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  13. butiknowiam

    Laura! After hearing you talk about this book, I am so excited to read it! Especially in light of the new adventures I’ll be taking. I think I’ll respond about my favorite teacher(s):
    1. C. Barlamas – High school math teacher – I am not good at math but Ms. B was a great teacher. She had a way of inviting me to think harder about what I was doing. Her lessons were helpful and fun and relevant to life. I took her my senior yr of HS for Statistics and I loved the class. We spent a whole semester or so working on a stats project. My project: Divorce and its effects.

    2. College ethics teacher – This was a discussion based class where you had to participate, but the good news is the prof made it so worth participating b/c of topics of discussion. My brain was always spinning after class as I thought through my arguments re: genetic engineering. I loved the content and format of class.

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  14. Barb Gebhart

    Laura, like always I enjoy all your posts and pass them onto Kris, Kate and Matt and his wife. Then we always discuss them. This one was particularly interesting and provided much food for thought. Thanks for bringing the book to my attention. By the way I just ordered Kara Tippert’s book, The Hardest Peace. I have been following her blog since you posted about her.

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  15. Wendy F.

    Sounds like an intriguing read! We so value learning to learn and learning to think–so that our kids can manage well in a fast-changing world–and are always up for new ways to encourage them on this road. Thank you!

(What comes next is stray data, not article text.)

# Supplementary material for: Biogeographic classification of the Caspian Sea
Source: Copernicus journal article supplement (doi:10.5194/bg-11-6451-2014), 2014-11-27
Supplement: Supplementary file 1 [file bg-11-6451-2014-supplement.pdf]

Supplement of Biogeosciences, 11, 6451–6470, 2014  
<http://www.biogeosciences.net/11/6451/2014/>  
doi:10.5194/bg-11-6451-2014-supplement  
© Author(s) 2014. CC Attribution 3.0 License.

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  16. Jon

    Laura. This is an excellent, well written review of what appears to be a timely and provocative book. The author hopefully will prompt serious discusion on several very serious issues for our American society and culture. As I read your review, I could not help but reflect upon the teachers that I had from grade school through professional school. The vast majority of them were dedicated, interested in their students, and knowledgeable in their subjects. However, only three could probably have passed the “Finish-MIT” qualification test. These three teachers had supurb academic backgrounds; and very importantly, they would also have met the three “E’s” test – they were engaging in the classroom, empathetic to students outside the classroom, and enthusiastic about their subjects. Interestingly, their talents did not go unnoticed by their peers as two of them (my sixth grade teacher and my junior and senior high school math teacher) ended their careers teaching on the college level, and my professional school professor ended his career as President of one of America’s largest and most prestigious public universities. I suspect that the author of this book would applaud the career success of these three teachers; but she might also ask how can we keep such obvious talent in the elementary and secondary school classrooms? This would now appear to be one of the challenges facing our American educational system.

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  17. Mike

    Laura, as has been recognized already, you provided a great job on considering the merits of Ripley’s book! Your thoughts and recommendation make me want to read it as a retired educator in both elementary education and high school math. In my experience, elementary teachers typically teach all core subject areas and often favor those they have an affinity for. Math was one that seemed to be less of a favorite among many of them. As students progress into middle schools and particularly high schools, they are much more apt to have teachers who have college majors in their respective subject area. High school math requires mastery of the sub-skills taught in the earlier grades; if those skills are weak, those students will have difficulty finding success.